Bilbo comes to the Huts of the Raft-elves, a watercolor Tolkien
painted for the first edition of The Hobbit, published in 1937.
Bilbo is seen sitting astride a barrel floating down the forest river,
having helped the dwarves (who are hidden inside the wine barrels) to
escape from the dungeons of the Elvenking. This was Tolkien’s favorite
watercolor and he was disappointed to find that it had been omitted from
the first American edition. Credit: © The Tolkien Estate Limited 1937.
The University of Oxford’s Bodleian Library has launched the largest exhibition on J.R.R. Tolkien in a generation.
Tolkien: Maker of Middle-Earth showcases the library’s extensive collection of Tolkien’s papers, manuscripts, letters, and artwork, the largest of its kind in the world. The exhibition, which includes some 200 items, also brings together items from private collections and Marquette University’s Tolkien Collection.
J.R.R. Tolkien (1892–1973) spent most of his adult life in Oxford. He came to Oxford University in 1911, aged nineteen, to study Classics at Exeter College, but later switched to English. After serving in France during World War One, he returned to Oxford to work on the New English Dictionary (later the Oxford English Dictionary), while tutoring in English. After five years at Leeds University as Reader and then Professor of English Language, he returned to Oxford in 1925 and remained there for the rest of his working life, first as Professor of Anglo-Saxon from 1925 to 1945, and later as Professor of English Language and Literature from 1945 to 1959. He is buried with his wife, Edith, in Wolvercote Cemetery in Oxford.
Read More Read More
I wasn’t sure what to expect upon opening The Lord of the Rings: The Two Towers Deck Building Game (Amazon) from Cryptozoic. I was familiar with the basic concept of deck building games and had played both Ascension and Marvel Legendary, but the only deck building game I actually owned was the science fiction game Eminent Domain. Fortunately, LOTR: The Two Towers contains some engaging variations on basic deck-building strategy, resulting in a fun competitive game that is sure to entertain fans of the series for endless variations of play, especially when combined with other deck-building games in the series.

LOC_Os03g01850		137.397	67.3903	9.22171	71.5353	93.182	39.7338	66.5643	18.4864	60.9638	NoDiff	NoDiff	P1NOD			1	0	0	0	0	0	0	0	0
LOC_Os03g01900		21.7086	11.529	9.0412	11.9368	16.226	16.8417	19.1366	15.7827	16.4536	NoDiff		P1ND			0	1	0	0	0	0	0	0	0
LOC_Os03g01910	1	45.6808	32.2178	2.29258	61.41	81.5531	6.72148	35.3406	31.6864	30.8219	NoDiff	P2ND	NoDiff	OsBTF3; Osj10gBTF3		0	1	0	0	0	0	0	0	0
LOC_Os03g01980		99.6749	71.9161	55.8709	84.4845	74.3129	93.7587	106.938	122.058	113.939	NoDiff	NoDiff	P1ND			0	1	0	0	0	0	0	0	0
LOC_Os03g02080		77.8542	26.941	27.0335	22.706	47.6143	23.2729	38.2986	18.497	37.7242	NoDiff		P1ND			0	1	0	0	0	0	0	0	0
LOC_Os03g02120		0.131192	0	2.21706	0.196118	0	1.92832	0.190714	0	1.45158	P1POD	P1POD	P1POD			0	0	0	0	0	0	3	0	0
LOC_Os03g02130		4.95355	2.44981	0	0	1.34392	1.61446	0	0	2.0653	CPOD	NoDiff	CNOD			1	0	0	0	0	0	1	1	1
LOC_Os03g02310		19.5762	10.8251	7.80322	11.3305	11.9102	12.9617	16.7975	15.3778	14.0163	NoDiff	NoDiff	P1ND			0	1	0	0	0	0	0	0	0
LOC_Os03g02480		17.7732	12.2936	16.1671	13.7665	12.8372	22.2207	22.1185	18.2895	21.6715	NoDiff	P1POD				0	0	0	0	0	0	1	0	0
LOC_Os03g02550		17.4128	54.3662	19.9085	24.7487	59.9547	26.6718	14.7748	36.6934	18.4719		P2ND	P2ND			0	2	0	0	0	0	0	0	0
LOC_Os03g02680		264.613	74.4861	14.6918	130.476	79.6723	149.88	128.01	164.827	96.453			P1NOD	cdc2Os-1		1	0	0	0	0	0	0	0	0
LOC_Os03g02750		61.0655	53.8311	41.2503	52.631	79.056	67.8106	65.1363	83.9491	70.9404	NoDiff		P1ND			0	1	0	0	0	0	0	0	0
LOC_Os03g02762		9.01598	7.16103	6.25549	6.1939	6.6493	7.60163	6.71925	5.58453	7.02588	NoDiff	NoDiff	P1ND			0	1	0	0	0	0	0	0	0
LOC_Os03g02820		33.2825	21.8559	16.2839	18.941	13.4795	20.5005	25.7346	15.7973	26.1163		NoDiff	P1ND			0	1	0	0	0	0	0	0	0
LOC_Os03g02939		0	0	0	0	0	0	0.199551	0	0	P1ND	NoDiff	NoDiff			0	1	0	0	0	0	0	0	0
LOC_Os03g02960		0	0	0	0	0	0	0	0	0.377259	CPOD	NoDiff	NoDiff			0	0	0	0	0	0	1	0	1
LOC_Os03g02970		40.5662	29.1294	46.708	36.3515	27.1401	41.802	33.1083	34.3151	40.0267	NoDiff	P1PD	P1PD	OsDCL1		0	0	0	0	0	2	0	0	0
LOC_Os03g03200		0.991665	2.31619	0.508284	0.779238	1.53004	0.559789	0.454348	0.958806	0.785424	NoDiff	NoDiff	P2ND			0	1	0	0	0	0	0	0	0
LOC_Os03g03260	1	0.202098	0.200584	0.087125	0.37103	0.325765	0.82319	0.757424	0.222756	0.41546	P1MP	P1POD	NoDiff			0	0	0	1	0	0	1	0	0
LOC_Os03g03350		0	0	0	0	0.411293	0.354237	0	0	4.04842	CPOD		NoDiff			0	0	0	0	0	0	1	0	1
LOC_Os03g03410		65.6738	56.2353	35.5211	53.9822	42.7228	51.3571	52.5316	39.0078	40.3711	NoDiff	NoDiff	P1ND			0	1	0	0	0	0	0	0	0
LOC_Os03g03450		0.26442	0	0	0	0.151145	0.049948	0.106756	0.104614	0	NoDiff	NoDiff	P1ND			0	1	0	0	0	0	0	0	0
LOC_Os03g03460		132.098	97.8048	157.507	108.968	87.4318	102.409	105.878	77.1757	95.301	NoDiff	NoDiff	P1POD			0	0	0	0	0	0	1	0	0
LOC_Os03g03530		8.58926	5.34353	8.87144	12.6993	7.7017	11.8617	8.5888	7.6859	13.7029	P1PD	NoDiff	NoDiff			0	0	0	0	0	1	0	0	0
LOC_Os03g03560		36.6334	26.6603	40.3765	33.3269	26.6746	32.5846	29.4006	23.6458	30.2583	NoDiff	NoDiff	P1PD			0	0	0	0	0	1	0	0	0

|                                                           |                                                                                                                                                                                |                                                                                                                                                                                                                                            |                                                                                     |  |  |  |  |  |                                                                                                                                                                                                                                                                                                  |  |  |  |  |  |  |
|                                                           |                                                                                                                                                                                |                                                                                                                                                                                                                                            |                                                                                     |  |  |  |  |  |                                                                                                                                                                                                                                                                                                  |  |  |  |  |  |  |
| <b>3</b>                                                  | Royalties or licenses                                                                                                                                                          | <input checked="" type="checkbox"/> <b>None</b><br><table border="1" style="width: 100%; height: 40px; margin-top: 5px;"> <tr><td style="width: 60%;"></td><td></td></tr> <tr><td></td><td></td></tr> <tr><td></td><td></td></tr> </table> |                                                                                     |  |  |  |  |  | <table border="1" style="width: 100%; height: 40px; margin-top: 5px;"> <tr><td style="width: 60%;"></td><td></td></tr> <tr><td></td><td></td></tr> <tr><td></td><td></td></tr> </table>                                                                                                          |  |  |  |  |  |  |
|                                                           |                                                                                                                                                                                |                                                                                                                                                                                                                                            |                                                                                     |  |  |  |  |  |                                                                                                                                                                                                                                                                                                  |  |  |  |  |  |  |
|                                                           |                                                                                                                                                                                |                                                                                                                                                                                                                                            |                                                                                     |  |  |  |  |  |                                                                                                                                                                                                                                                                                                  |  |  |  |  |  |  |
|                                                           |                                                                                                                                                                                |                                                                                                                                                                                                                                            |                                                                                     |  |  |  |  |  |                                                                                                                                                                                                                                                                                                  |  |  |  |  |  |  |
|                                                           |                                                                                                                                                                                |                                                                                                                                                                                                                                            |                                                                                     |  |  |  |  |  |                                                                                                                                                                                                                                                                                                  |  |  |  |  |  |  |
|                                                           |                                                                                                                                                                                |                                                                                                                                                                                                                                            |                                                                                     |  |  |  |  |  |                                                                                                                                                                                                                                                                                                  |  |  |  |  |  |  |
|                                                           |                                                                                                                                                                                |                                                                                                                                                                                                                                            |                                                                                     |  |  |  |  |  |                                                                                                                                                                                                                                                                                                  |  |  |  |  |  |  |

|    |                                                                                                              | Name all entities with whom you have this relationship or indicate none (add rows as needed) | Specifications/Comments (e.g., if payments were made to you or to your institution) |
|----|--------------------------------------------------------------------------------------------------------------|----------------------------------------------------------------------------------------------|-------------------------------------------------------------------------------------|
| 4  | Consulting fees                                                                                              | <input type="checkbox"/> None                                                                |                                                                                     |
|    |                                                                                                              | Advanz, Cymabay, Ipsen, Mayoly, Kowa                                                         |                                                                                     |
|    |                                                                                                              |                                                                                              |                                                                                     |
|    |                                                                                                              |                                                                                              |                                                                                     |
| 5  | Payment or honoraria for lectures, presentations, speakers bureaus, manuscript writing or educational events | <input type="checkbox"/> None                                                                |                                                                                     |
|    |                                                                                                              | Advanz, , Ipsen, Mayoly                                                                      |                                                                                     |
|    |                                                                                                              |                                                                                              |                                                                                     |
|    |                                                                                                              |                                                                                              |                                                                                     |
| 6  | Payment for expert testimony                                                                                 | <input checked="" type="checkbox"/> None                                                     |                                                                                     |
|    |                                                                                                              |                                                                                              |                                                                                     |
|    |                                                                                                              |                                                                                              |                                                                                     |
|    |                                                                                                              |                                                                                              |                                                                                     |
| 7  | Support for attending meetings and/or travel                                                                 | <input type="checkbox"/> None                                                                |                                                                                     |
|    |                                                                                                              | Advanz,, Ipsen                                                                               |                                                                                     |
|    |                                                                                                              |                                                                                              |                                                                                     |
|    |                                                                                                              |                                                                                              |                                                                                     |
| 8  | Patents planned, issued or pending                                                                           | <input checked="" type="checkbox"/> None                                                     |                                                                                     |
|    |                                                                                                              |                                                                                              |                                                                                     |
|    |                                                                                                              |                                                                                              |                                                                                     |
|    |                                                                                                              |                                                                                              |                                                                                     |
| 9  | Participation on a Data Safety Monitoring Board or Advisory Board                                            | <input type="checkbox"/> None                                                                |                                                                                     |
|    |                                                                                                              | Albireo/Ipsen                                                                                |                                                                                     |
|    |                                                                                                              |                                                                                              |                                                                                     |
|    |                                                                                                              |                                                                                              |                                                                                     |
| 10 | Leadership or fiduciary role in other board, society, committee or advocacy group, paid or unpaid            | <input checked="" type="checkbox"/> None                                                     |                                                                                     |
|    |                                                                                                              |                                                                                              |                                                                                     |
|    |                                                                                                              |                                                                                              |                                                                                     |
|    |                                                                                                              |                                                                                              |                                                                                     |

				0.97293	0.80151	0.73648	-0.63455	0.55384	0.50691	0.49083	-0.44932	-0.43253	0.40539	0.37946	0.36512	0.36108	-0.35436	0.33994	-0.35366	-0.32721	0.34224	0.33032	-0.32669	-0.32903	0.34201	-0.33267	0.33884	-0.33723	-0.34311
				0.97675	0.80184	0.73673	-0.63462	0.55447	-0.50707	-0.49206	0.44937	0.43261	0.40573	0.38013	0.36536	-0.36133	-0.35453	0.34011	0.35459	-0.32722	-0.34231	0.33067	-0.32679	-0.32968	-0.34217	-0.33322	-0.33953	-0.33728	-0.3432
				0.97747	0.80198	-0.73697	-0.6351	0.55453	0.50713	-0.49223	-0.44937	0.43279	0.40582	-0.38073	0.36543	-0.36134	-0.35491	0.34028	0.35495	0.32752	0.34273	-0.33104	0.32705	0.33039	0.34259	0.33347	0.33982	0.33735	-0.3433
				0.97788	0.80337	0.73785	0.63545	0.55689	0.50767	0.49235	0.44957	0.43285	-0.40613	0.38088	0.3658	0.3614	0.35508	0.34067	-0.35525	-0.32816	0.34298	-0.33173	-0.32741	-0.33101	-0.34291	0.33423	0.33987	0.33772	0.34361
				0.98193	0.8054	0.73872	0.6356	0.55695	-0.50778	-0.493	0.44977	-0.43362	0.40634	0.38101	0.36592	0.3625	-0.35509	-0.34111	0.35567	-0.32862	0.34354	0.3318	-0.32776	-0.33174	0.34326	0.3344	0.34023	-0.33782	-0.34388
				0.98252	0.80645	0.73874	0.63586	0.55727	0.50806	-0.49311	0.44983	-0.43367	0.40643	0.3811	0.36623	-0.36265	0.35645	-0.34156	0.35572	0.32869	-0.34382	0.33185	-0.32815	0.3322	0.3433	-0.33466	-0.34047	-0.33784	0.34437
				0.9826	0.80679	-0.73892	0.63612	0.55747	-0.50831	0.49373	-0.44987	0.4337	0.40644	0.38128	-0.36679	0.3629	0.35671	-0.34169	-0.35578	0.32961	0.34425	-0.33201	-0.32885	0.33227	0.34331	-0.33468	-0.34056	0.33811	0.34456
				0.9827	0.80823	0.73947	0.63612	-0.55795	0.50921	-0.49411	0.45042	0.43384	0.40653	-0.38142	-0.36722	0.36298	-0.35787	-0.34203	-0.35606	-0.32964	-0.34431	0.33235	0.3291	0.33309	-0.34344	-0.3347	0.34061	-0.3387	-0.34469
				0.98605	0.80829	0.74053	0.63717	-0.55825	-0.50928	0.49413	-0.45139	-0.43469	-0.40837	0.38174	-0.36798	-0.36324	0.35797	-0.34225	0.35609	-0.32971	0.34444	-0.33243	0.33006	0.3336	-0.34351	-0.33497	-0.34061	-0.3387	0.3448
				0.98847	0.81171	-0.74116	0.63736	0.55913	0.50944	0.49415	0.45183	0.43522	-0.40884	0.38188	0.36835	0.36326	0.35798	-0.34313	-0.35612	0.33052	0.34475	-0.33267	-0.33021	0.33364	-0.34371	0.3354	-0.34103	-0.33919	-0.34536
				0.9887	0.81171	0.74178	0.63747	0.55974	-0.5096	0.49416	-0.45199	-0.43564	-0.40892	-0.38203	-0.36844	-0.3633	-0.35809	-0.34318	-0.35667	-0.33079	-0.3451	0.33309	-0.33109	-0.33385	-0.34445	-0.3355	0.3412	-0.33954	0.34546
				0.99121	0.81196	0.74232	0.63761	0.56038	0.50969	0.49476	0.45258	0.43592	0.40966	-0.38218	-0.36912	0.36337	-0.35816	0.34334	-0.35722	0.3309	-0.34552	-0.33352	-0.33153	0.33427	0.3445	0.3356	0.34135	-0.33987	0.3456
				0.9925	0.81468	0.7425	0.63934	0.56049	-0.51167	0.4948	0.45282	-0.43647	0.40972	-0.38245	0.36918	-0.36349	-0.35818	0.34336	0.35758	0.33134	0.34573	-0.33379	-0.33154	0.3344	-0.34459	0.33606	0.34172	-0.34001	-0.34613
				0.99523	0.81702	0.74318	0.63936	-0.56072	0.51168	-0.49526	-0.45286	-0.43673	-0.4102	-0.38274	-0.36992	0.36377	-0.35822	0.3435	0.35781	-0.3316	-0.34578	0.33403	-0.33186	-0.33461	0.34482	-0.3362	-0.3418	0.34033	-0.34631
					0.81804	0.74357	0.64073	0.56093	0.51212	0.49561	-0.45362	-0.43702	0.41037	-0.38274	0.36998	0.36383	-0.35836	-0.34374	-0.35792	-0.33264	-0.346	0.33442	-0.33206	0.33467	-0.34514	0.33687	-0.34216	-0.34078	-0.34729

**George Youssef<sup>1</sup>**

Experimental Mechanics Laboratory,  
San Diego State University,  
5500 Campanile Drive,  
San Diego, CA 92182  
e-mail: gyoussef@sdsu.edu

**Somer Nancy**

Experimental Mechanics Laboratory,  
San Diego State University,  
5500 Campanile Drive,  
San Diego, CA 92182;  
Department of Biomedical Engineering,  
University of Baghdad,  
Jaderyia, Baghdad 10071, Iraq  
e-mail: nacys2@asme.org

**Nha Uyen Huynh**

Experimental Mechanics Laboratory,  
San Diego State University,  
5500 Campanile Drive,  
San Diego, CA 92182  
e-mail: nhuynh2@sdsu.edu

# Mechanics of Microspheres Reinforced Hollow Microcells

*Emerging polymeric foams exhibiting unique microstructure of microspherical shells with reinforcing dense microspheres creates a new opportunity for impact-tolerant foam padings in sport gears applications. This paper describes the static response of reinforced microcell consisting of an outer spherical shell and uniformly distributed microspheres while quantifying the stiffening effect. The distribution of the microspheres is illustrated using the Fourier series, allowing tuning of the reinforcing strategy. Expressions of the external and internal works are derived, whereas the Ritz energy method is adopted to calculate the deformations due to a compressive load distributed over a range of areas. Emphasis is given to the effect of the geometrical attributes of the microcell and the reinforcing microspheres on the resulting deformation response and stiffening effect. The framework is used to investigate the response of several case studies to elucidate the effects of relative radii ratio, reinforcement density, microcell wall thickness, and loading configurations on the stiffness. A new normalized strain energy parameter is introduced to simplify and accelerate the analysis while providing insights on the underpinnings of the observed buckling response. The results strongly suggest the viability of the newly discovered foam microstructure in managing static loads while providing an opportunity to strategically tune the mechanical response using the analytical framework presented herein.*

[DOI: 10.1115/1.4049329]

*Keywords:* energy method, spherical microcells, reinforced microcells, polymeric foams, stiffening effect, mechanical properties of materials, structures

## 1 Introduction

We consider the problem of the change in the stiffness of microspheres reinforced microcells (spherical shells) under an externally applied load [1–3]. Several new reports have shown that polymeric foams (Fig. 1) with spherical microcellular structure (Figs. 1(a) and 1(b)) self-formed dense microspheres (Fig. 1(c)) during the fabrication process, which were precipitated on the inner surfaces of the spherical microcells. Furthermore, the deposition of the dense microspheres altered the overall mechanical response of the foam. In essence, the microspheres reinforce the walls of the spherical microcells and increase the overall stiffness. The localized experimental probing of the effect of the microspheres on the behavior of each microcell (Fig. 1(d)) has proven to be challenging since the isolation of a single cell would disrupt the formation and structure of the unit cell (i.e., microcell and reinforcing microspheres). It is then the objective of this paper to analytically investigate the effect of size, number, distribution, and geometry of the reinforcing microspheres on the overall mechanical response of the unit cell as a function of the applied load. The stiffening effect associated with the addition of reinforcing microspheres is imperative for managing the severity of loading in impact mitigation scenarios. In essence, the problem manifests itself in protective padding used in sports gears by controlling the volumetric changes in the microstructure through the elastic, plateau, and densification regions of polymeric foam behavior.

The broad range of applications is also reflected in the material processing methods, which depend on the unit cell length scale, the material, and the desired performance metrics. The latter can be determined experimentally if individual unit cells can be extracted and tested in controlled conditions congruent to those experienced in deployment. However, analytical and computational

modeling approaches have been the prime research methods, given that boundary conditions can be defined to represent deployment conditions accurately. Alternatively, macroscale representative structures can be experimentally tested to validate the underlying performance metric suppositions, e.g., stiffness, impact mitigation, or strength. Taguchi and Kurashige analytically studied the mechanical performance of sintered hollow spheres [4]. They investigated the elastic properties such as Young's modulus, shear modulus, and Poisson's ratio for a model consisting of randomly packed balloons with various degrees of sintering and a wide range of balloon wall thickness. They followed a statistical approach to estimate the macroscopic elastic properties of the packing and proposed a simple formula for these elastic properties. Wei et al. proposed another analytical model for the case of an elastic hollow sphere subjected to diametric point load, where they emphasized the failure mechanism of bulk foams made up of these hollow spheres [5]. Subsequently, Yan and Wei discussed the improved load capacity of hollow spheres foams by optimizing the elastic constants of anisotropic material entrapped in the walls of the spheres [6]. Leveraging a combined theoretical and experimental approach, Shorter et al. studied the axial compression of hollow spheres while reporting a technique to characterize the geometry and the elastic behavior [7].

If you’ve never played one, here’s the basic mechanic behind deck-building games: Each player begins with a small default deck of cards (10 starting out in all of the above games) and goes through rounds in which they play cards from their hands to buy more cards into their discard pile. When they run through all their cards, the player shuffles it back into the deck. Many of the cards have a secondary ability, such as letting the player draw more cards out of the deck, take cards from the discard pile, or eliminate useless cards from their hand or discard pile. The goal is to gain effective cards and streamline your deck to get as many effective cards into your hand as quickly as possible.
The first thing that makes The Lord of the Rings: The Two Towers stand out is that each player gets to assume the role of one of the characters from the film: Samwise, Frodo, Legolas, Aragorn, Merry & Pippin, Gimli, or King Theoden. By drawing from a selection of oversized Hero cards, the player randomly determine which character they are (or you can just choose). Each different character gets a unique card that goes into their starting deck. For example, Frodo’s card (called “It’s Getting Heavier”) allows him to gain control of The One Ring card while Samwise’s card (“There’s Some Good in This World”) protects from possible negative results from cards and allows you to draw another card.
Read More Read More